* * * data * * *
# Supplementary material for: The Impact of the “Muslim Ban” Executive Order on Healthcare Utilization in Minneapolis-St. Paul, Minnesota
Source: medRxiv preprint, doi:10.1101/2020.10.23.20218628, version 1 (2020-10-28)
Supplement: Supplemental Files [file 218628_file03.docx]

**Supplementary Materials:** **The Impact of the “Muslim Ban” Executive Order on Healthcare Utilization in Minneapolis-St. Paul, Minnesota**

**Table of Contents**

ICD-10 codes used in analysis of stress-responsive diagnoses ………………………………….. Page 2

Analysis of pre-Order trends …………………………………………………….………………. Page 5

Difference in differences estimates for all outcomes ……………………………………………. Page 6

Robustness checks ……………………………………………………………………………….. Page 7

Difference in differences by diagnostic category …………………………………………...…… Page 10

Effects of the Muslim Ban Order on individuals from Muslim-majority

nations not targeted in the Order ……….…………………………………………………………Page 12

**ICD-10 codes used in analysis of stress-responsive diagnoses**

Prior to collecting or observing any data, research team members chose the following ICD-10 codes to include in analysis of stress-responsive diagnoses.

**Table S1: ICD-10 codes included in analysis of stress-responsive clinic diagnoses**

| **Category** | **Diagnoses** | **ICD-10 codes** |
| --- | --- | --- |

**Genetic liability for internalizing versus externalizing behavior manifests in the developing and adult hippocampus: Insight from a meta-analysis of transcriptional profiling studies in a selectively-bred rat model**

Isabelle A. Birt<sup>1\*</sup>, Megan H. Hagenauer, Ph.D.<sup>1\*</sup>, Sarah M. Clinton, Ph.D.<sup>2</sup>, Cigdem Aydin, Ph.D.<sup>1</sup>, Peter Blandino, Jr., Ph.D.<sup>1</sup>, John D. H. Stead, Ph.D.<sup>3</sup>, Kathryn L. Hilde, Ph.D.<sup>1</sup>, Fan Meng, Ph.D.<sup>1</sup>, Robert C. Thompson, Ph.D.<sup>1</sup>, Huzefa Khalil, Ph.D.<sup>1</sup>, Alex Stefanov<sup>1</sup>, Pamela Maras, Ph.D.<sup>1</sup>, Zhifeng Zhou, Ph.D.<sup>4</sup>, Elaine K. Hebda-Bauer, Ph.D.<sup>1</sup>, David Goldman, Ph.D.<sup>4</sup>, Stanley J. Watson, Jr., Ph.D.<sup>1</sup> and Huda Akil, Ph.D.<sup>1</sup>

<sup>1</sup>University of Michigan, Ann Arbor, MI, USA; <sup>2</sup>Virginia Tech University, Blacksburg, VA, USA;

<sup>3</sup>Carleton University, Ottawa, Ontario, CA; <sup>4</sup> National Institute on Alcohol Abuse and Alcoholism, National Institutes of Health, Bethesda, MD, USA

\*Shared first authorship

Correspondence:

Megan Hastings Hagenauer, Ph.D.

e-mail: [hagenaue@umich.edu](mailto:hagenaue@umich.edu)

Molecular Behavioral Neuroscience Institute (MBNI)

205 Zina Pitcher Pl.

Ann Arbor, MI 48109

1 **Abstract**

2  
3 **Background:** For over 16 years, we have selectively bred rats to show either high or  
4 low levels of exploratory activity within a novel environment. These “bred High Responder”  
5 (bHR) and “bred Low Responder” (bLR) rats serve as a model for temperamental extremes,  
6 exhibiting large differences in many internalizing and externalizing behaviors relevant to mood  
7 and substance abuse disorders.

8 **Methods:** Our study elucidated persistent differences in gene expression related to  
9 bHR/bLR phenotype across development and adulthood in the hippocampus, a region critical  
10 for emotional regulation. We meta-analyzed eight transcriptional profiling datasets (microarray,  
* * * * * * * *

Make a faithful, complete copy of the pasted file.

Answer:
# Supplementary material for: The Impact of the “Muslim Ban” Executive Order on Healthcare Utilization in Minneapolis-St. Paul, Minnesota
Source: medRxiv preprint, doi:10.1101/2020.10.23.20218628, version 1 (2020-10-28)
Supplement: Supplemental Files [file 218628_file03.docx]

**Supplementary Materials:** **The Impact of the “Muslim Ban” Executive Order on Healthcare Utilization in Minneapolis-St. Paul, Minnesota**

**Table of Contents**

ICD-10 codes used in analysis of stress-responsive diagnoses ………………………………….. Page 2

Analysis of pre-Order trends …………………………………………………….………………. Page 5

Difference in differences estimates for all outcomes ……………………………………………. Page 6

Robustness checks ……………………………………………………………………………….. Page 7

Difference in differences by diagnostic category …………………………………………...…… Page 10

Effects of the Muslim Ban Order on individuals from Muslim-majority

nations not targeted in the Order ……….…………………………………………………………Page 12

**ICD-10 codes used in analysis of stress-responsive diagnoses**

Prior to collecting or observing any data, research team members chose the following ICD-10 codes to include in analysis of stress-responsive diagnoses.

**Table S1: ICD-10 codes included in analysis of stress-responsive clinic diagnoses**

| **Category** | **Diagnoses** | **ICD-10 codes** |
| --- | --- | --- |

**Genetic liability for internalizing versus externalizing behavior manifests in the developing and adult hippocampus: Insight from a meta-analysis of transcriptional profiling studies in a selectively-bred rat model**

Isabelle A. Birt<sup>1\*</sup>, Megan H. Hagenauer, Ph.D.<sup>1\*</sup>, Sarah M. Clinton, Ph.D.<sup>2</sup>, Cigdem Aydin, Ph.D.<sup>1</sup>, Peter Blandino, Jr., Ph.D.<sup>1</sup>, John D. H. Stead, Ph.D.<sup>3</sup>, Kathryn L. Hilde, Ph.D.<sup>1</sup>, Fan Meng, Ph.D.<sup>1</sup>, Robert C. Thompson, Ph.D.<sup>1</sup>, Huzefa Khalil, Ph.D.<sup>1</sup>, Alex Stefanov<sup>1</sup>, Pamela Maras, Ph.D.<sup>1</sup>, Zhifeng Zhou, Ph.D.<sup>4</sup>, Elaine K. Hebda-Bauer, Ph.D.<sup>1</sup>, David Goldman, Ph.D.<sup>4</sup>, Stanley J. Watson, Jr., Ph.D.<sup>1</sup> and Huda Akil, Ph.D.<sup>1</sup>

<sup>1</sup>University of Michigan, Ann Arbor, MI, USA; <sup>2</sup>Virginia Tech University, Blacksburg, VA, USA;

<sup>3</sup>Carleton University, Ottawa, Ontario, CA; <sup>4</sup> National Institute on Alcohol Abuse and Alcoholism, National Institutes of Health, Bethesda, MD, USA

\*Shared first authorship

Correspondence:

Megan Hastings Hagenauer, Ph.D.

e-mail: [hagenaue@umich.edu](mailto:hagenaue@umich.edu)

Molecular Behavioral Neuroscience Institute (MBNI)

205 Zina Pitcher Pl.

Ann Arbor, MI 48109

1 **Abstract**

2  
3 **Background:** For over 16 years, we have selectively bred rats to show either high or  
4 low levels of exploratory activity within a novel environment. These “bred High Responder”  
5 (bHR) and “bred Low Responder” (bLR) rats serve as a model for temperamental extremes,  
6 exhibiting large differences in many internalizing and externalizing behaviors relevant to mood  
7 and substance abuse disorders.

8 **Methods:** Our study elucidated persistent differences in gene expression related to  
9 bHR/bLR phenotype across development and adulthood in the hippocampus, a region critical  
10 for emotional regulation. We meta-analyzed eight transcriptional profiling datasets (microarray,  